Having recently written about Akihabara Fashion Week and the new Akihabara fashion boutique 5okai (probably a good idea to read those two before you proceed) it occurred to me that it might be worth discussing the origins for this new kind of fashion for those on the periphery of Akiba / Otaku culture. After all, this can be something of a closed book to those interested in fashion who have long removed themselves from anything deemed “uncool” or indeed people who are purely concerned with Japanese fashion in isolation and don’t really require the cultural context. Either way, I think it is a really interesting topic and it might well have formed part of my dissertation at university so I will press on.
The first influence to flag up is that of Cosplay, which due to it being a costume it is not fashion as such. Elements of cosplay can be worn as fashion, but by wearing a complete ensemble you are by definition using your clothes for a specific use and by the terms of a “definition in use” that is not “fashion”. On the other hand, cosplay does play an important part in this new Japanese fashion, mainly because the idea of being “completely consumed” or “being taken over” by an item of clothing is a key element in runurunu, Balmung, Bodysong, etc work. But the important distinction is that this is fashion that consumes one from head to toe with a complete identity, as in most character design, but does not necessitate that you are leaving any of yourself behind to become someone else.
Having dealt with that rather abstract fundamental concept the second point is a whole lot easier to understand. This next wave of Akihabara fashion is governed by fabrics and structures hugely influenced by modern computerized illustrations and modern figures. Note the glossiness and almost latex-like sheen that you see on the figures beloved of Otaku, this is replicated using artificial shiny fabrics by designers such as Balmung and Chloma / Junya Suzuki very frequently. Likewise, the fabrics used lend themselves to strong structures without the use of padding or petticoats in the case of skirts. In essence these fabrics mimic the constant state of agitated movement even in stillness that modern illustrations and figure design capture so well.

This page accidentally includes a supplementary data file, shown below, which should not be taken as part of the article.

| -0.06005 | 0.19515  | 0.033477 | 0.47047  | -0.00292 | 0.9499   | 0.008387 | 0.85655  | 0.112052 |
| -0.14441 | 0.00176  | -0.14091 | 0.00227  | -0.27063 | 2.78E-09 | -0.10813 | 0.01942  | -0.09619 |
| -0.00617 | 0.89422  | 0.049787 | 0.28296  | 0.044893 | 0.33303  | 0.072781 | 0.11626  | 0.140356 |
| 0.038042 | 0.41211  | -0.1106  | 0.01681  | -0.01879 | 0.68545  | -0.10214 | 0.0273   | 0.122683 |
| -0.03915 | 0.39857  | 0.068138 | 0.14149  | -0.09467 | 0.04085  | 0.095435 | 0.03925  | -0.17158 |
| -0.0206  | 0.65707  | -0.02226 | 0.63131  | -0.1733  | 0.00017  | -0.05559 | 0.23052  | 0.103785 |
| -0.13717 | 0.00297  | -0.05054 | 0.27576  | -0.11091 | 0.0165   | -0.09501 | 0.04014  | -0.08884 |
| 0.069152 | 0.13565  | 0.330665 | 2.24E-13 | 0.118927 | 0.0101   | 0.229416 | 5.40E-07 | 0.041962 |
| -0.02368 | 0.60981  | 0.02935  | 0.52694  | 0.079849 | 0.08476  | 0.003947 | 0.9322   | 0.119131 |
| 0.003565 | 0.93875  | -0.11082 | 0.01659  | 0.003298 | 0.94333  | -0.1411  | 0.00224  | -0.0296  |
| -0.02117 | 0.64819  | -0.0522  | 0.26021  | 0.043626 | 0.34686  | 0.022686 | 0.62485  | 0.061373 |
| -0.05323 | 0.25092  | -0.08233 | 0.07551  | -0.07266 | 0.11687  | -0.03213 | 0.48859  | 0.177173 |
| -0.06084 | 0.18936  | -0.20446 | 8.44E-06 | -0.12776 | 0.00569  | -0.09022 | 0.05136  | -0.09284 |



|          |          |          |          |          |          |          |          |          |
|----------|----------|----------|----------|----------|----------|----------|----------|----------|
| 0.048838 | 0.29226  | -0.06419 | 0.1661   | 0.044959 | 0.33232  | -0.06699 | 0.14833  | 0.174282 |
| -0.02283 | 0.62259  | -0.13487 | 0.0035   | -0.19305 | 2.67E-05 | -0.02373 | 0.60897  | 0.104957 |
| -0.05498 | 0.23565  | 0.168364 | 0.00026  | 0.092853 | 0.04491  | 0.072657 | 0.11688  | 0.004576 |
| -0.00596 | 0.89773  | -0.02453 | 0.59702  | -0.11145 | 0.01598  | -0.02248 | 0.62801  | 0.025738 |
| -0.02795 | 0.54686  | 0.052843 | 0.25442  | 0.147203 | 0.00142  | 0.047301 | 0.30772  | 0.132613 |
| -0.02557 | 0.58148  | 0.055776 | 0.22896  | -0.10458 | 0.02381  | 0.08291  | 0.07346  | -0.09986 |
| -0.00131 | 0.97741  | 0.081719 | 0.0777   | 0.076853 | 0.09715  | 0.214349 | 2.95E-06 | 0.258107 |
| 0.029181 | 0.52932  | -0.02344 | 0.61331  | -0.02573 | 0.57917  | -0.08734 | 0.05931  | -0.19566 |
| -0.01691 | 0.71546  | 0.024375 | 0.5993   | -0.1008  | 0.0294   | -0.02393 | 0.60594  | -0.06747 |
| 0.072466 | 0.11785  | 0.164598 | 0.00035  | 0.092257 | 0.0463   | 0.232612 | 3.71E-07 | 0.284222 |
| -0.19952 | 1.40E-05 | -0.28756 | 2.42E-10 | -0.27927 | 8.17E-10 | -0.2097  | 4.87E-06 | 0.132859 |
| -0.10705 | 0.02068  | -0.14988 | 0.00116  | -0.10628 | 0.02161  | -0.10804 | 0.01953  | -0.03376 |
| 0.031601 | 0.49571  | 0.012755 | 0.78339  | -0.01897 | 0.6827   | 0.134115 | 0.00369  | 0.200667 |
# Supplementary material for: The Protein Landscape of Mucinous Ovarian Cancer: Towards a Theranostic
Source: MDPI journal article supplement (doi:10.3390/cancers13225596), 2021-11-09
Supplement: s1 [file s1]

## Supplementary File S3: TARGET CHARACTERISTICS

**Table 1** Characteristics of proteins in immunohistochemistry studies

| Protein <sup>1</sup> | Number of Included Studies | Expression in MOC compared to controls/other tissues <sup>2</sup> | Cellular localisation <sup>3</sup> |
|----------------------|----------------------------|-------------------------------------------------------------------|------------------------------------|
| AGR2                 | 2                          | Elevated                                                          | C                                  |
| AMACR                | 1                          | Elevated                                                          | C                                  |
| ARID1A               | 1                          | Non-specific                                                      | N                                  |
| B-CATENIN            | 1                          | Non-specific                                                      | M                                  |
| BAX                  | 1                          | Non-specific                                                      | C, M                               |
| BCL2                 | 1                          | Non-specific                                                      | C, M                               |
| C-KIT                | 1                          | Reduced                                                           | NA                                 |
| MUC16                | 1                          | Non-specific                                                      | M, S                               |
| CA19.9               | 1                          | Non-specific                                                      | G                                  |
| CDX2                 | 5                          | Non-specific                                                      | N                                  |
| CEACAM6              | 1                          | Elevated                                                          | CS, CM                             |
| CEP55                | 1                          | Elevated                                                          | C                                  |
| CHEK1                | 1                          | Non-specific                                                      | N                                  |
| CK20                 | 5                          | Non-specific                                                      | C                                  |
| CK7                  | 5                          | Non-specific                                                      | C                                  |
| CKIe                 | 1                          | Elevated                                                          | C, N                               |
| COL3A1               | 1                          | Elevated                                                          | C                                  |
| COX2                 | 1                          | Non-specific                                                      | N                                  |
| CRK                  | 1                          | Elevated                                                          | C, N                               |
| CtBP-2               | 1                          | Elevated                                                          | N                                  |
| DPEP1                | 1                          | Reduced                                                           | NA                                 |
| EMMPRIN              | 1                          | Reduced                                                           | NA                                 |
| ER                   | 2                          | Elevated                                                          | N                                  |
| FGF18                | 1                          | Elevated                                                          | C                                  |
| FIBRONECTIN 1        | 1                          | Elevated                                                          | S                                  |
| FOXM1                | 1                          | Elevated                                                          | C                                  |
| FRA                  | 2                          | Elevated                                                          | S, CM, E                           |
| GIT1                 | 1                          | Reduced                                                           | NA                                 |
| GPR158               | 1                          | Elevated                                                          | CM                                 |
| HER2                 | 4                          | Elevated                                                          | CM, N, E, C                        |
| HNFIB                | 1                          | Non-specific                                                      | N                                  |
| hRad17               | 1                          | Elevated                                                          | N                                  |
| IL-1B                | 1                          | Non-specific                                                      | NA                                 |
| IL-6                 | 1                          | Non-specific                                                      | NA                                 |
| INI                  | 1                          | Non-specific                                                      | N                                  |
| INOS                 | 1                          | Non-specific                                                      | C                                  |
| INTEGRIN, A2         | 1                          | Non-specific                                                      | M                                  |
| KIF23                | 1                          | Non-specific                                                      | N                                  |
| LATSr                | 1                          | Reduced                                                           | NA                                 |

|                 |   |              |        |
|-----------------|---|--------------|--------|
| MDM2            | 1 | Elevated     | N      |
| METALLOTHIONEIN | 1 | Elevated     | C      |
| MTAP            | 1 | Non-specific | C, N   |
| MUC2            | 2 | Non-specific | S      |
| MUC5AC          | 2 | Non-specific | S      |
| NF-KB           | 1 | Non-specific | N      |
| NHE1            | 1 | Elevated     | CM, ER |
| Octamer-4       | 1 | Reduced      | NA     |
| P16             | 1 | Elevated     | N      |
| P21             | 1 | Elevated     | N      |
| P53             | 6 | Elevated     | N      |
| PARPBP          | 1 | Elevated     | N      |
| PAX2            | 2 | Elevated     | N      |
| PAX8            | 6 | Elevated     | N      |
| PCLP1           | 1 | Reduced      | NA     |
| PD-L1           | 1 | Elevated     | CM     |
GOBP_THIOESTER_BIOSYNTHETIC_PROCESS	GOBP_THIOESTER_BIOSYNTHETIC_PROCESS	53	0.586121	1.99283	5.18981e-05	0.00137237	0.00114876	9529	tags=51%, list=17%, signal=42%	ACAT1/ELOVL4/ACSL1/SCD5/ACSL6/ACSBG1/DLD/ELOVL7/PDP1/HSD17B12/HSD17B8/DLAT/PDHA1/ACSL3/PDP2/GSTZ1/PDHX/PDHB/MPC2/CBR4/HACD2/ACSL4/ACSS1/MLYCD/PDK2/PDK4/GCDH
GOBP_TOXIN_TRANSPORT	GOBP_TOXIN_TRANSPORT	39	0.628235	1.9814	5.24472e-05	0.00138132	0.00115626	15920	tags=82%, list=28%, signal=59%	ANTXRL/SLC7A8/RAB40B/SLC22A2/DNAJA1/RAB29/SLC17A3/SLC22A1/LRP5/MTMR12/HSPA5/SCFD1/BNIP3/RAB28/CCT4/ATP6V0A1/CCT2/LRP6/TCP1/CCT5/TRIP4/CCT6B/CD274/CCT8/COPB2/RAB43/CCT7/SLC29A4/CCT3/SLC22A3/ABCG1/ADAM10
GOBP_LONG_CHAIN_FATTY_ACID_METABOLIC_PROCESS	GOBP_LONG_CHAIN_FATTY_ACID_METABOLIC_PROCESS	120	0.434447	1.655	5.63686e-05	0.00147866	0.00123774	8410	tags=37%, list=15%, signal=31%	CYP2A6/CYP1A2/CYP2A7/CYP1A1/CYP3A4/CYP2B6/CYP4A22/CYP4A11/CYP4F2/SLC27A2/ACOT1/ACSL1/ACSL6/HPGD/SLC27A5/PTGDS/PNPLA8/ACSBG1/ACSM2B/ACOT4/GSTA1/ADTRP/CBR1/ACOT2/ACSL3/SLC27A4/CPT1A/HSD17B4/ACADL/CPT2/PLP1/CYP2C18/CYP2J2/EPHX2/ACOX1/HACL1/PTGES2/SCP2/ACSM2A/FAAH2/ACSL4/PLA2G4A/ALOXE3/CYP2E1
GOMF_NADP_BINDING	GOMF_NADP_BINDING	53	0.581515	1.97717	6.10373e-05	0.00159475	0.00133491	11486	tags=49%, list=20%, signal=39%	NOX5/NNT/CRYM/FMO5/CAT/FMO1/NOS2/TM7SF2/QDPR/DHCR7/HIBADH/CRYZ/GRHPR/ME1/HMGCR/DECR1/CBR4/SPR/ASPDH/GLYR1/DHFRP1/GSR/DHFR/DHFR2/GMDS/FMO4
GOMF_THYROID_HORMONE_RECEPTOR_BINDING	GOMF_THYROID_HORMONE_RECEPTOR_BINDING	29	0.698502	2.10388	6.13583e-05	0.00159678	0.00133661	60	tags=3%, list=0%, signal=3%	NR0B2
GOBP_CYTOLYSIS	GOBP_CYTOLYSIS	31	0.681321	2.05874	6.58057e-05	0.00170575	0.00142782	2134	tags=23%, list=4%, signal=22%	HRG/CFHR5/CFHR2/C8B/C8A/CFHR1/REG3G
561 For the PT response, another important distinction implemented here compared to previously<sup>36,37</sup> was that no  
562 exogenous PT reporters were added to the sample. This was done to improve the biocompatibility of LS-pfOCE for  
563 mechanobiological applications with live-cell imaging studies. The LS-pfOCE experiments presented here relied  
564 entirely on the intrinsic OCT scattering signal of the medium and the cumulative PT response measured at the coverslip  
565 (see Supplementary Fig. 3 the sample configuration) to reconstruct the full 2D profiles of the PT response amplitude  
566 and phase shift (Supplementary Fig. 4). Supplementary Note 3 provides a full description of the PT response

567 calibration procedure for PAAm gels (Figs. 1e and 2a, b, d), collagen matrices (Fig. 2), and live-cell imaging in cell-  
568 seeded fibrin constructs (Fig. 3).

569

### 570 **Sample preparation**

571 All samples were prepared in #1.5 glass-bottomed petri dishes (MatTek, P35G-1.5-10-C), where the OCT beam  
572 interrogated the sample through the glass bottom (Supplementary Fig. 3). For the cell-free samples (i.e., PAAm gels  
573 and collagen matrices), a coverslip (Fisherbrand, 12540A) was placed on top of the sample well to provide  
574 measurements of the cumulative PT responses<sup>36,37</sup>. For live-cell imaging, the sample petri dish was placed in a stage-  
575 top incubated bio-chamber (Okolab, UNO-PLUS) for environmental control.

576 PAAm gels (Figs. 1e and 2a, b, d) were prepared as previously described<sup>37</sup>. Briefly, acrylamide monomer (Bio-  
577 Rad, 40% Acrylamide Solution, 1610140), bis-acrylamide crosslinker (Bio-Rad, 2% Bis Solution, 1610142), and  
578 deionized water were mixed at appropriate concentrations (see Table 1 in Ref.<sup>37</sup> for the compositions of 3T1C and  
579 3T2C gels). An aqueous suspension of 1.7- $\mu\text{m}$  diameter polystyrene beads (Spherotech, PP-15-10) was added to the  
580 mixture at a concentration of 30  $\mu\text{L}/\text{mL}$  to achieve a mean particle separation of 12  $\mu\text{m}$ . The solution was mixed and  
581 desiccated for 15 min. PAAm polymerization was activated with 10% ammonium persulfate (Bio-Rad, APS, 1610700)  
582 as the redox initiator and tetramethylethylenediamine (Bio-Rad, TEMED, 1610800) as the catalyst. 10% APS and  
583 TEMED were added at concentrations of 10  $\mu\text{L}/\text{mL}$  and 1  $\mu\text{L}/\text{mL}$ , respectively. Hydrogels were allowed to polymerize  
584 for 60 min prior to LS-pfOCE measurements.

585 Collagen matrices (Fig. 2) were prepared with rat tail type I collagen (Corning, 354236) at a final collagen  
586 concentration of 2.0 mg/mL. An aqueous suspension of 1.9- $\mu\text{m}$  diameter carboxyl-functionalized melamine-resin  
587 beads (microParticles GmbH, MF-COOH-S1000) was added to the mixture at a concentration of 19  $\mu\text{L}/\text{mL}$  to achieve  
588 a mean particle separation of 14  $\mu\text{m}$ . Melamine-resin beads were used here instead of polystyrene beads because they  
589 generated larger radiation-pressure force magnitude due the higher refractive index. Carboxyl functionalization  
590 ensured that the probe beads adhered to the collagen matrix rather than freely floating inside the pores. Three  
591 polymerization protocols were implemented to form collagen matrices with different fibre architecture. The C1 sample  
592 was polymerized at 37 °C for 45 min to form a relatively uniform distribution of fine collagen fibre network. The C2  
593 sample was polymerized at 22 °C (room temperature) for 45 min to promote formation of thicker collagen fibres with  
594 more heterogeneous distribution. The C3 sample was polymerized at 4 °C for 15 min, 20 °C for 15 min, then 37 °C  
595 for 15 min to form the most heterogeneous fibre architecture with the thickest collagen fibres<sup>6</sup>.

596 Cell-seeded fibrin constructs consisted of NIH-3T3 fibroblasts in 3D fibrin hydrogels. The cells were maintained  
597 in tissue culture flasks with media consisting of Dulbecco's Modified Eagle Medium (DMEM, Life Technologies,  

Next up is silhouette distortion which has been a fundamental of fashion since, well, since fashion existed, but is harder to achieve than in the above illustration where one can just draw the body how you would like it to be. However, consider Jenny Fax’s S/S 2012 and how she employed the same extreme shoulders to create the same impossibly long slender arms, and swan-like thin neck of the above.
This would be your basic (admittedly exaggerated) silhouette. Note how the postion of the waist, hourglass shaped torso, vast shoulders and grossly extended lower arms is achieved with some of the outfits in this post here.
The final element of this emerging Akihabara fashion isn’t actually found in Otaku culture directly, but comes from the Buddhist (often derived from Thai and Tibetan Buddhism) imagery that has long been associated with the Tokyo underground and in particular the underground Techno scene that was such an inspiration for early Julius. The bright and vibrant colours, clashing and saturated textures, and overall allusion to psychedelica is present in the work of runurunu and veveropparuuu, amongst others. There are also the obvious Buddhist links to the Akihabara area historically, and also the role of Aum Shinrikyo in the area that could be brought in at this point (but that is a huge can of worms to open in this particular arena!).
So I would say that the three points to be your basic pins in the proverbial map to understanding these designers work are: Clothes that change the whole body, fabrics that mirror Otaku imagery and the anime silhouette. The Buddhism that comes from a separate aspect of underground culture is important, but is a little more difficult to pin down in glib terms for now (maybe a topic for another time), but try and spot the religious references in these shop photos here if you doubt their presence.
I thought I would finish this post with a topic that is close to my heart, and that is – what I would like to see Otaku culture impart on fashion. For that I will revisit my old friend Kazuma Kaneko who I have written about in the past. He is a fantastic illustrator for a number of projects, including my favorite series of games – Shin Megami Tensei, and I have long been a champion for what his work can bring to the world of fashion:
Impossible ideals of perfection and sharpness of tailoring.
Complete cohesion in an ensemble (obviously designers do this on the catwalk all the time).
A willingness to place a complete theme in an outfit.
OK, so maybe Gareth Pugh has been doing this for a while, but still I think his designs walk a line between the conceptual and the wearable in a way that most graduate shows do not.
Very Pugh, now there is a man who needs to use some fur…
A couple more extreme examples, but united by the theme of complete cohesion in a theme, and capturing the essence of an impossible, ritualistic ambition.
Personally there is so much that I admire in the work of Balmung, runurunu, Mikio Sakabe and the gang, but it tends to be the conceptual aspects that I have mentioned in the first half of this article and not the ritualism and austerity of the latter. Somewhere between the two there is a new aesthetic ready to come out, one that is of Japan and arguably could only ever be worn in Japan! It is certainly a movement to keep your eye on and even though many of the designers mentioned above will inevitably tone down their work for the fashion week shows next month, I am assured that in the aftermath there will be developments of note to look forward to…